By Kentucky Health News
Nearly half of emergency room doctors say their ERs have seen an increase in patients since health reform went into effect, and 86 percent say they expect the increase to continue, according to a poll by the American College of Emergency Physician. Of the 1,845 completed surveys, 9 percent said ER visits had increased greatly and 37 percent said they had increased slightly. When asked what they think will happen over the next three years, 41 percent said visits will increase greatly and 45 percent said they will increase slightly.
But some hospitals say many patients are going to the ER for ailments that are not emergencies, Laura Ungar reports for The Courier-Journal. Lewis Perkins, vice president of patient care and chief nursing officer at Louisville’s Norton Hospital, said the emergency room is seeing 100 more patients per month, an increase of 12 percent. “We’re seeing patients who probably should be seen at our (immediate-care centers),” he told Ungar. “And we’re seeing this across the system.”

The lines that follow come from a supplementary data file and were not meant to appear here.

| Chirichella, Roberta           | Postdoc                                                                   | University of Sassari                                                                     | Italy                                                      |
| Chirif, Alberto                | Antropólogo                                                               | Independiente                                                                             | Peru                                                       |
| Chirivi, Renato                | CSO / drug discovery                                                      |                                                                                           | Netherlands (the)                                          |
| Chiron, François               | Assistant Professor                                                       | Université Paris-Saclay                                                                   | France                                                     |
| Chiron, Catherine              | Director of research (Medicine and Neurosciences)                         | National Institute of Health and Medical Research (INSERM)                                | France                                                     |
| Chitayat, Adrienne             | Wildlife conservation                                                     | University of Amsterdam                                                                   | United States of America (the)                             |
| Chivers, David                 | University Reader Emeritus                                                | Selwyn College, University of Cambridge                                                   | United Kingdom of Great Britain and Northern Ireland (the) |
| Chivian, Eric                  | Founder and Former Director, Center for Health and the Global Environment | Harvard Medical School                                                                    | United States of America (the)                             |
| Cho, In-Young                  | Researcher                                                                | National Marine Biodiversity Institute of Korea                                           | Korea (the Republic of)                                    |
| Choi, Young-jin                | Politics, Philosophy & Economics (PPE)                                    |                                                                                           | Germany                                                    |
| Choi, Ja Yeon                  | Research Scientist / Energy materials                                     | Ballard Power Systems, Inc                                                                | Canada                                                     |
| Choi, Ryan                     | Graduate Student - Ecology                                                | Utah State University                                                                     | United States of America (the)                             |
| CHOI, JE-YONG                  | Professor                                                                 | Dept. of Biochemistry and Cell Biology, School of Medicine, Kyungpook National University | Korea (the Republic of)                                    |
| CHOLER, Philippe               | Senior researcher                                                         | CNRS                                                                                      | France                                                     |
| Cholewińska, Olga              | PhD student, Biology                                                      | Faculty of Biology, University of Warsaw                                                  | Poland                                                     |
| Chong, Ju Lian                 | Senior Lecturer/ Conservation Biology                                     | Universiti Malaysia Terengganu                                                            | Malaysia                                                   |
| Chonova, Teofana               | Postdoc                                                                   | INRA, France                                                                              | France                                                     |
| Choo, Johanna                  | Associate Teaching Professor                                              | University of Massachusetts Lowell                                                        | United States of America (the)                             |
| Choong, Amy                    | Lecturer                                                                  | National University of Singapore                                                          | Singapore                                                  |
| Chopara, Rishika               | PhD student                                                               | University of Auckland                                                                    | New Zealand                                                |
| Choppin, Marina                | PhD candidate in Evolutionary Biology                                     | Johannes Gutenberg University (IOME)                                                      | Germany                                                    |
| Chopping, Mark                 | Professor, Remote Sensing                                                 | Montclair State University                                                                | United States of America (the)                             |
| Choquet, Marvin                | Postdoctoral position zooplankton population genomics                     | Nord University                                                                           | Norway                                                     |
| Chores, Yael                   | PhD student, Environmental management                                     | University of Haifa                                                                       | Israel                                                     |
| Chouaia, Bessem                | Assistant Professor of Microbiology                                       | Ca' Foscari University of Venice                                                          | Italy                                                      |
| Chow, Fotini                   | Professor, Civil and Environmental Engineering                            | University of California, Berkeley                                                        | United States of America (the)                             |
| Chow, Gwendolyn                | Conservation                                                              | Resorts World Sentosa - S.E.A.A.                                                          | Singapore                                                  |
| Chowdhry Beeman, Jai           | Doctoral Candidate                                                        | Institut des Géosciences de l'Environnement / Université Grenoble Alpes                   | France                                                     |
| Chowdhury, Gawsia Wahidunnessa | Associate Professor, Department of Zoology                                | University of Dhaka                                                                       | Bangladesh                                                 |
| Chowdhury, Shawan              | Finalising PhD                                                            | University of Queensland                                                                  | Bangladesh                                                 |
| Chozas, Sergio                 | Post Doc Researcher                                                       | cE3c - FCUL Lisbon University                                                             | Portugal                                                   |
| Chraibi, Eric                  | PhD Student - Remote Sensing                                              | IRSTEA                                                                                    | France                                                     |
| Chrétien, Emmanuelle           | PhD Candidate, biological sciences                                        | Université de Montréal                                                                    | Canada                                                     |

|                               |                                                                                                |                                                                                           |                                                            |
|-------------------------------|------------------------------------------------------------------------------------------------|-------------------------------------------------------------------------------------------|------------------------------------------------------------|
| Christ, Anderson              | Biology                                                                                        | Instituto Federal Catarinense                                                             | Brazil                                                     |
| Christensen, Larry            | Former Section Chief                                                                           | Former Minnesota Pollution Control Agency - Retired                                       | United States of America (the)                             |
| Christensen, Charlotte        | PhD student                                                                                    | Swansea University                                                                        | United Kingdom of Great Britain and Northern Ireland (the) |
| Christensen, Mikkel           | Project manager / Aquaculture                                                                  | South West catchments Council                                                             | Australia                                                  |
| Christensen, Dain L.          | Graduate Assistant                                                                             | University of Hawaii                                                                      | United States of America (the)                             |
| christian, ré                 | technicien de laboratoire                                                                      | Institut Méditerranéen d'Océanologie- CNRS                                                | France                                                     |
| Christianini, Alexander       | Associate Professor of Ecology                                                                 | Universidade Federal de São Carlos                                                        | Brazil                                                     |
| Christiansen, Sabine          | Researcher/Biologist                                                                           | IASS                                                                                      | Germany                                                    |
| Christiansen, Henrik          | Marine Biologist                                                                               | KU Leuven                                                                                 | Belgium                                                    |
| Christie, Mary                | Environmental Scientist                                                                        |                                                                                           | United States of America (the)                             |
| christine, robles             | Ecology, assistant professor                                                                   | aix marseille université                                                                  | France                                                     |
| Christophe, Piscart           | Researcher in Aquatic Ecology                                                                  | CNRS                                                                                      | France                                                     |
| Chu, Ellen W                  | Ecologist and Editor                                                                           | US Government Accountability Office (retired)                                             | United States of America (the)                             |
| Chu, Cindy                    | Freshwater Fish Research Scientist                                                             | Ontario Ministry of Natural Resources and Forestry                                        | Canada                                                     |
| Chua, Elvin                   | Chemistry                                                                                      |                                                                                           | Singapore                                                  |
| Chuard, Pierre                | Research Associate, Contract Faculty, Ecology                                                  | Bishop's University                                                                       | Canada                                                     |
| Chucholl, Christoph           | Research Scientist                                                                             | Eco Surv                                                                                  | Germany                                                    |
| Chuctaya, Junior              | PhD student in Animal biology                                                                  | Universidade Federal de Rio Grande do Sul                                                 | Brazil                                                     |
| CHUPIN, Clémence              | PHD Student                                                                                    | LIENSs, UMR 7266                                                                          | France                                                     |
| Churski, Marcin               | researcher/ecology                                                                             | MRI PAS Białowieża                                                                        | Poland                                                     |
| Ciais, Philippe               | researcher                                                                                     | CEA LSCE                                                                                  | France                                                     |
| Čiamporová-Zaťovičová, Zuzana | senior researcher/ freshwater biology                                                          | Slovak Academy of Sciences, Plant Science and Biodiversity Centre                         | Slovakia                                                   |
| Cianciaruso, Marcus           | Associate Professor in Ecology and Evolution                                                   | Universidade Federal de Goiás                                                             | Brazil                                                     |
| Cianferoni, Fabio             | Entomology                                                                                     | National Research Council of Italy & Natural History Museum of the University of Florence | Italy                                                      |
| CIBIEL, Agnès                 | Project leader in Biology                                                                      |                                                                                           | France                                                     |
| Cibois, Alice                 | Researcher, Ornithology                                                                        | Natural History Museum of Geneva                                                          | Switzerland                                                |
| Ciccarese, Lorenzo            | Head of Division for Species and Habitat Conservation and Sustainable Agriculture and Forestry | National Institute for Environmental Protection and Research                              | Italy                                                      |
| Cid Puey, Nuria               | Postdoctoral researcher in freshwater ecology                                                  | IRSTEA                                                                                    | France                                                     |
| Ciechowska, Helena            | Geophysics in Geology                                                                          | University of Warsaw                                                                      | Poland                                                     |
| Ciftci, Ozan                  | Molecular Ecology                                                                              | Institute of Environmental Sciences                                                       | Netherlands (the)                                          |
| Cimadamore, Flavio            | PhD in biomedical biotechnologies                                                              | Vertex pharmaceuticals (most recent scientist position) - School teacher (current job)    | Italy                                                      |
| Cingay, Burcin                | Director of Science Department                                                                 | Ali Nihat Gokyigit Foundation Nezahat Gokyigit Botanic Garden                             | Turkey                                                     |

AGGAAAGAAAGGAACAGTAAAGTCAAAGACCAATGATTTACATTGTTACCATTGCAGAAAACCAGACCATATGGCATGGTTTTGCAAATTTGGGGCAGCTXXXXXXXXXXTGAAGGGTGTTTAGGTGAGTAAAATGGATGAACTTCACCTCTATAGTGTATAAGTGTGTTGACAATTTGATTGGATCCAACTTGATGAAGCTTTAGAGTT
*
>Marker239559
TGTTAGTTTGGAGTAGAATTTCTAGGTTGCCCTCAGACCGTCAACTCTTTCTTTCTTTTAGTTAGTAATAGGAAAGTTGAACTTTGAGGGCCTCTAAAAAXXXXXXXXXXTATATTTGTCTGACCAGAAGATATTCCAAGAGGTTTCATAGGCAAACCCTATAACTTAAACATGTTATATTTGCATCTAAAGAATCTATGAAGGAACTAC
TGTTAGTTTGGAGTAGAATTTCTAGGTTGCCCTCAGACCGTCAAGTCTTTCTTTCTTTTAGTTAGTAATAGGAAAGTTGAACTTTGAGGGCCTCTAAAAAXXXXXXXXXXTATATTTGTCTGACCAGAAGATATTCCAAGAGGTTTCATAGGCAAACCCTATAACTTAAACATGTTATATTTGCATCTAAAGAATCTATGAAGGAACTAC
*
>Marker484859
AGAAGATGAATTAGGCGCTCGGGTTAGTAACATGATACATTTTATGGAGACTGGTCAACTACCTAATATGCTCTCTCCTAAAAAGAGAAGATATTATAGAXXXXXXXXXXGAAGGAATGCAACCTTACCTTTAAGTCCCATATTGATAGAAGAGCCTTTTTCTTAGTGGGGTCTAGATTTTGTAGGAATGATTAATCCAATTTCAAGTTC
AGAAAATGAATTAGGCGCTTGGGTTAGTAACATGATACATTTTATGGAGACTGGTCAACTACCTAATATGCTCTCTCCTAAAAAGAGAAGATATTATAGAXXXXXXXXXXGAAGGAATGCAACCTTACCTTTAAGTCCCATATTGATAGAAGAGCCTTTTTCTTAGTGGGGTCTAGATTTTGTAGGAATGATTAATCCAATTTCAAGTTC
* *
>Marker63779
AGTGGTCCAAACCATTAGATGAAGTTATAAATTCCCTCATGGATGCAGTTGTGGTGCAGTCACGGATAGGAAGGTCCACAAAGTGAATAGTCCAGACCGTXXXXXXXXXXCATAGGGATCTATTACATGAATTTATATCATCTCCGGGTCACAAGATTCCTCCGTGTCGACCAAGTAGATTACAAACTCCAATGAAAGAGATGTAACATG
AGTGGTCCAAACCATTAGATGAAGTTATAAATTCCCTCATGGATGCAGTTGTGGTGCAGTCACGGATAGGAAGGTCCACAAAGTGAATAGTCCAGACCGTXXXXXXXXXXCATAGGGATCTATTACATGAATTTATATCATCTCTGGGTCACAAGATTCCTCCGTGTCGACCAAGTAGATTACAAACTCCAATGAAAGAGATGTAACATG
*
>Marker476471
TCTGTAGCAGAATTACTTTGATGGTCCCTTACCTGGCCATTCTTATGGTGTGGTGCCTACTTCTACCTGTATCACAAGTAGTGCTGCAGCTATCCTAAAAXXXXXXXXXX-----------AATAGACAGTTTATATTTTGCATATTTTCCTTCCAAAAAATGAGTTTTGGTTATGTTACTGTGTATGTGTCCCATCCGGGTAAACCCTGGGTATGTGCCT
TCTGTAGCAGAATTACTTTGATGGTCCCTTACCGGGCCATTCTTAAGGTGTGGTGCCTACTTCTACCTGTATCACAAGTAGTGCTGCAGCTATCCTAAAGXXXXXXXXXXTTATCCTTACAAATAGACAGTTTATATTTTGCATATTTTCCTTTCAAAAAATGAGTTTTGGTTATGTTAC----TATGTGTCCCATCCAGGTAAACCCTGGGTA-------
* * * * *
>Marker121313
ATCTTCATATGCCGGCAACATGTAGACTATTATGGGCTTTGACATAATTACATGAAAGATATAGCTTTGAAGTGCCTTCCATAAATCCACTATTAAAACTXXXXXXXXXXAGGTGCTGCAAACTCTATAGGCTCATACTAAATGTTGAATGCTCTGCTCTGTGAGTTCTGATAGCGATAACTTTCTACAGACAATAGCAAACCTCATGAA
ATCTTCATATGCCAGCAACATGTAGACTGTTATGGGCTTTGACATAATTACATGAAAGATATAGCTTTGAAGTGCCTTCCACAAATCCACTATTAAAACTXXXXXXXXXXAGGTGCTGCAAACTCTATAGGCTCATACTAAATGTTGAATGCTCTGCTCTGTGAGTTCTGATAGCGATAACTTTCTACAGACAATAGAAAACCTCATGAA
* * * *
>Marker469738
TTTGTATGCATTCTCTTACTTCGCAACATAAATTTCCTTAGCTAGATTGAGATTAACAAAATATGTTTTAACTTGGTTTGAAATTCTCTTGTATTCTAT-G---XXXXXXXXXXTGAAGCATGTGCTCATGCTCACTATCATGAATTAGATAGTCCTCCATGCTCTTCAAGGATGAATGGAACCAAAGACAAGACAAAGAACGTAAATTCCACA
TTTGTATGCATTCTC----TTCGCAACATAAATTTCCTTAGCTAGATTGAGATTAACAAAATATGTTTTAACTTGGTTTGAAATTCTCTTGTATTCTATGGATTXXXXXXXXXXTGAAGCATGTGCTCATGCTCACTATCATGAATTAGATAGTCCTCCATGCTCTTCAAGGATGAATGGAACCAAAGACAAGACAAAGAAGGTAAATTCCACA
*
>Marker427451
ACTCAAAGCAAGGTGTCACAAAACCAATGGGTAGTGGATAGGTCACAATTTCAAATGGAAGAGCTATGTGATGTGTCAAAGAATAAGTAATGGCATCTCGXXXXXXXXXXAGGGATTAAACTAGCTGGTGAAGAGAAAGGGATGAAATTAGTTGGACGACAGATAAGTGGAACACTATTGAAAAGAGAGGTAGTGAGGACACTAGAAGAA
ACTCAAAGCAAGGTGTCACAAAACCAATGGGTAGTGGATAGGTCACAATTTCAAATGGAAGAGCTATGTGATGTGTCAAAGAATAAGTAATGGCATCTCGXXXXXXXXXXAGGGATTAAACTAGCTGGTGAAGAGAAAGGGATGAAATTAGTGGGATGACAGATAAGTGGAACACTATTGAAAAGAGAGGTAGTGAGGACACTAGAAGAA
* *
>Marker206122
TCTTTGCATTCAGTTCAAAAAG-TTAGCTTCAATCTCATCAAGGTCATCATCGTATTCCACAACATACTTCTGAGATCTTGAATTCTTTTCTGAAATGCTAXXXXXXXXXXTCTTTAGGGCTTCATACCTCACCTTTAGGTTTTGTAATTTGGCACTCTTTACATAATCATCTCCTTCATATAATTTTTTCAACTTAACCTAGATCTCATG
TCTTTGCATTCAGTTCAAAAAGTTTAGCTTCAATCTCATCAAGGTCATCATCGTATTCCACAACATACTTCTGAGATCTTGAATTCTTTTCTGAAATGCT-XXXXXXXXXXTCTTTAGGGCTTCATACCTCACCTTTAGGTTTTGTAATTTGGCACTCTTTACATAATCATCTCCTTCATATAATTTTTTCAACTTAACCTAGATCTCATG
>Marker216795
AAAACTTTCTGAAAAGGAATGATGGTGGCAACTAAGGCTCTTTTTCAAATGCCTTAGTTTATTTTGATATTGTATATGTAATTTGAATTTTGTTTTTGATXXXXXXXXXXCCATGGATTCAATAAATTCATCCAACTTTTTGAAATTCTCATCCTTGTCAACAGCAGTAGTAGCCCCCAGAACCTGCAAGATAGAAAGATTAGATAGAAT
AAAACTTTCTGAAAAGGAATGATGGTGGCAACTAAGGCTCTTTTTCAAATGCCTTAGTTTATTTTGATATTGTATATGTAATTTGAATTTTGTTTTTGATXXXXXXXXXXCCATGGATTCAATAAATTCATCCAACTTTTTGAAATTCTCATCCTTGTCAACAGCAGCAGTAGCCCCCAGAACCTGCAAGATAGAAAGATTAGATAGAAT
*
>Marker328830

ER visits at the University of Louisville Hospital are up 18 percent, while Dr. Ryan Stanton of Lexington, president of the Kentucky chapter of the ER physicians’ group, said ER services are up 7.5 percent in that city. He told Ungar, “It’s a perfect storm here. We’ve given people an ATM card in a town with no ATMs.”
Kentucky Health News is an independent news service of the Institute for Rural Journalism and Community Issues, based in the School of Journalism and Telecommunications at the University of Kentucky, with support from the Foundation for a Healthy Kentucky.